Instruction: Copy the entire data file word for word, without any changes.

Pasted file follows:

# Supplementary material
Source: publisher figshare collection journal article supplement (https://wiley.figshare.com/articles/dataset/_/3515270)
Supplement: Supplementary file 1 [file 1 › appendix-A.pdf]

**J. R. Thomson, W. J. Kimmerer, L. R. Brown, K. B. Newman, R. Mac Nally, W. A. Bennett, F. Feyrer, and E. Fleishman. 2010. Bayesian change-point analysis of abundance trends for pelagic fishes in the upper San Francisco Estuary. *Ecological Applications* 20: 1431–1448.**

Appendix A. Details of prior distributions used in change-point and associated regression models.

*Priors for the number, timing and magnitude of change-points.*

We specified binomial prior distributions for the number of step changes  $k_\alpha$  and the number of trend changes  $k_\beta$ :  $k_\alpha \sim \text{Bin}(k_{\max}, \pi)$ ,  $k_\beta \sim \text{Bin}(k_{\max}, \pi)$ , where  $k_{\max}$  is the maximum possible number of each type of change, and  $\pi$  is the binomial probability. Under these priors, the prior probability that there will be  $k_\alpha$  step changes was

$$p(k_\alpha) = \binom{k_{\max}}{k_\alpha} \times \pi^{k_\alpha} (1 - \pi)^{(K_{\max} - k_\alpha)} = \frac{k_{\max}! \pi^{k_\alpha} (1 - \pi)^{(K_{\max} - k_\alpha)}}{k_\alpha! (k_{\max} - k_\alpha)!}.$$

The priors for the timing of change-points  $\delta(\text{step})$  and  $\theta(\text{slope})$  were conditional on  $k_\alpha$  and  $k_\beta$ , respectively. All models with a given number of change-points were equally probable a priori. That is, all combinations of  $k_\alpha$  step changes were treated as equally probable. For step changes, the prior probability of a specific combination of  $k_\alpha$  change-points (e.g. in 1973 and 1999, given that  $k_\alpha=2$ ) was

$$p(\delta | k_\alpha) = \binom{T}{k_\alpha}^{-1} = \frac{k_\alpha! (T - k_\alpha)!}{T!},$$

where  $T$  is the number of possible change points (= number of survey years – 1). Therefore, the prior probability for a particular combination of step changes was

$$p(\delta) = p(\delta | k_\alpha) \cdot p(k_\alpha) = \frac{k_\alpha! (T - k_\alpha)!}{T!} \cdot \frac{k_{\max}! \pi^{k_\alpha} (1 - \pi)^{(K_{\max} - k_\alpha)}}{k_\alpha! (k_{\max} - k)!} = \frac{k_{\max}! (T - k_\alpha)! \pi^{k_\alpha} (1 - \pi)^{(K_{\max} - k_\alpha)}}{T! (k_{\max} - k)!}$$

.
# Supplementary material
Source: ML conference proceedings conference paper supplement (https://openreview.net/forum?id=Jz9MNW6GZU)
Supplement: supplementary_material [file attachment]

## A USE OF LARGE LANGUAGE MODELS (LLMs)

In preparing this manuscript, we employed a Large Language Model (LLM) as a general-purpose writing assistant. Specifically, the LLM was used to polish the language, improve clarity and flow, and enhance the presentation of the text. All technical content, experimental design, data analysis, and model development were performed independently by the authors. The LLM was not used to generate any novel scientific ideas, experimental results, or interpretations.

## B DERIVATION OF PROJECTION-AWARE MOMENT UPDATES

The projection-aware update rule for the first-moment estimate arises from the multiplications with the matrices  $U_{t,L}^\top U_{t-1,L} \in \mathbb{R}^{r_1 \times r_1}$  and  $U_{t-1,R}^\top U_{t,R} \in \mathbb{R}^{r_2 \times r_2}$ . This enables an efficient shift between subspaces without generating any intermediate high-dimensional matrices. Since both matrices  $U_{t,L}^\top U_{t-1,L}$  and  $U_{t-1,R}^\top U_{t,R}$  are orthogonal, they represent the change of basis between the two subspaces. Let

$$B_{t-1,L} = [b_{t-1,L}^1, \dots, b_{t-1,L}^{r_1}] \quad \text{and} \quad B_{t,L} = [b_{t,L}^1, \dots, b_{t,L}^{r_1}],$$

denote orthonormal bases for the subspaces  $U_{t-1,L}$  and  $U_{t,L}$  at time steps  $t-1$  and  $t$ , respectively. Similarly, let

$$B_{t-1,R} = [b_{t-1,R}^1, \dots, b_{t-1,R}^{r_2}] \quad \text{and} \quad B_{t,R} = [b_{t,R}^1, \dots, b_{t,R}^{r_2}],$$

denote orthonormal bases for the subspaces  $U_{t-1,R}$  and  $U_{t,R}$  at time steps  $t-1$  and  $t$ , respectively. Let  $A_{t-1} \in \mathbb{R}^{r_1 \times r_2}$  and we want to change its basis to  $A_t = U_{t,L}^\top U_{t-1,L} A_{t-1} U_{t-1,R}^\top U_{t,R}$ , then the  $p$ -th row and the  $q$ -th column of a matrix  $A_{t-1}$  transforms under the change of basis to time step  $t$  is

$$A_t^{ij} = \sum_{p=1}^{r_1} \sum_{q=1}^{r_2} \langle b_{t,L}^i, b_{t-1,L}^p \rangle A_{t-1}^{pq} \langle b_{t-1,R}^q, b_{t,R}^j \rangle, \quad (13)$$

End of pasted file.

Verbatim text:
# Supplementary material
Source: publisher figshare collection journal article supplement (https://wiley.figshare.com/articles/dataset/_/3515270)
Supplement: Supplementary file 1 [file 1 › appendix-A.pdf]

**J. R. Thomson, W. J. Kimmerer, L. R. Brown, K. B. Newman, R. Mac Nally, W. A. Bennett, F. Feyrer, and E. Fleishman. 2010. Bayesian change-point analysis of abundance trends for pelagic fishes in the upper San Francisco Estuary. *Ecological Applications* 20: 1431–1448.**

Appendix A. Details of prior distributions used in change-point and associated regression models.

*Priors for the number, timing and magnitude of change-points.*

We specified binomial prior distributions for the number of step changes  $k_\alpha$  and the number of trend changes  $k_\beta$ :  $k_\alpha \sim \text{Bin}(k_{\max}, \pi)$ ,  $k_\beta \sim \text{Bin}(k_{\max}, \pi)$ , where  $k_{\max}$  is the maximum possible number of each type of change, and  $\pi$  is the binomial probability. Under these priors, the prior probability that there will be  $k_\alpha$  step changes was

$$p(k_\alpha) = \binom{k_{\max}}{k_\alpha} \times \pi^{k_\alpha} (1 - \pi)^{(K_{\max} - k_\alpha)} = \frac{k_{\max}! \pi^{k_\alpha} (1 - \pi)^{(K_{\max} - k_\alpha)}}{k_\alpha! (k_{\max} - k_\alpha)!}.$$

The priors for the timing of change-points  $\delta(\text{step})$  and  $\theta(\text{slope})$  were conditional on  $k_\alpha$  and  $k_\beta$ , respectively. All models with a given number of change-points were equally probable a priori. That is, all combinations of  $k_\alpha$  step changes were treated as equally probable. For step changes, the prior probability of a specific combination of  $k_\alpha$  change-points (e.g. in 1973 and 1999, given that  $k_\alpha=2$ ) was

$$p(\delta | k_\alpha) = \binom{T}{k_\alpha}^{-1} = \frac{k_\alpha! (T - k_\alpha)!}{T!},$$

where  $T$  is the number of possible change points (= number of survey years – 1). Therefore, the prior probability for a particular combination of step changes was

$$p(\delta) = p(\delta | k_\alpha) \cdot p(k_\alpha) = \frac{k_\alpha! (T - k_\alpha)!}{T!} \cdot \frac{k_{\max}! \pi^{k_\alpha} (1 - \pi)^{(K_{\max} - k_\alpha)}}{k_\alpha! (k_{\max} - k)!} = \frac{k_{\max}! (T - k_\alpha)! \pi^{k_\alpha} (1 - \pi)^{(K_{\max} - k_\alpha)}}{T! (k_{\max} - k)!}$$

.
# Supplementary material
Source: ML conference proceedings conference paper supplement (https://openreview.net/forum?id=Jz9MNW6GZU)
Supplement: supplementary_material [file attachment]

## A USE OF LARGE LANGUAGE MODELS (LLMs)

In preparing this manuscript, we employed a Large Language Model (LLM) as a general-purpose writing assistant. Specifically, the LLM was used to polish the language, improve clarity and flow, and enhance the presentation of the text. All technical content, experimental design, data analysis, and model development were performed independently by the authors. The LLM was not used to generate any novel scientific ideas, experimental results, or interpretations.

## B DERIVATION OF PROJECTION-AWARE MOMENT UPDATES

The projection-aware update rule for the first-moment estimate arises from the multiplications with the matrices  $U_{t,L}^\top U_{t-1,L} \in \mathbb{R}^{r_1 \times r_1}$  and  $U_{t-1,R}^\top U_{t,R} \in \mathbb{R}^{r_2 \times r_2}$ . This enables an efficient shift between subspaces without generating any intermediate high-dimensional matrices. Since both matrices  $U_{t,L}^\top U_{t-1,L}$  and  $U_{t-1,R}^\top U_{t,R}$  are orthogonal, they represent the change of basis between the two subspaces. Let

$$B_{t-1,L} = [b_{t-1,L}^1, \dots, b_{t-1,L}^{r_1}] \quad \text{and} \quad B_{t,L} = [b_{t,L}^1, \dots, b_{t,L}^{r_1}],$$

denote orthonormal bases for the subspaces  $U_{t-1,L}$  and  $U_{t,L}$  at time steps  $t-1$  and  $t$ , respectively. Similarly, let

$$B_{t-1,R} = [b_{t-1,R}^1, \dots, b_{t-1,R}^{r_2}] \quad \text{and} \quad B_{t,R} = [b_{t,R}^1, \dots, b_{t,R}^{r_2}],$$

denote orthonormal bases for the subspaces  $U_{t-1,R}$  and  $U_{t,R}$  at time steps  $t-1$  and  $t$ , respectively. Let  $A_{t-1} \in \mathbb{R}^{r_1 \times r_2}$  and we want to change its basis to  $A_t = U_{t,L}^\top U_{t-1,L} A_{t-1} U_{t-1,R}^\top U_{t,R}$ , then the  $p$ -th row and the  $q$ -th column of a matrix  $A_{t-1}$  transforms under the change of basis to time step  $t$  is

$$A_t^{ij} = \sum_{p=1}^{r_1} \sum_{q=1}^{r_2} \langle b_{t,L}^i, b_{t-1,L}^p \rangle A_{t-1}^{pq} \langle b_{t-1,R}^q, b_{t,R}^j \rangle, \quad (13)$$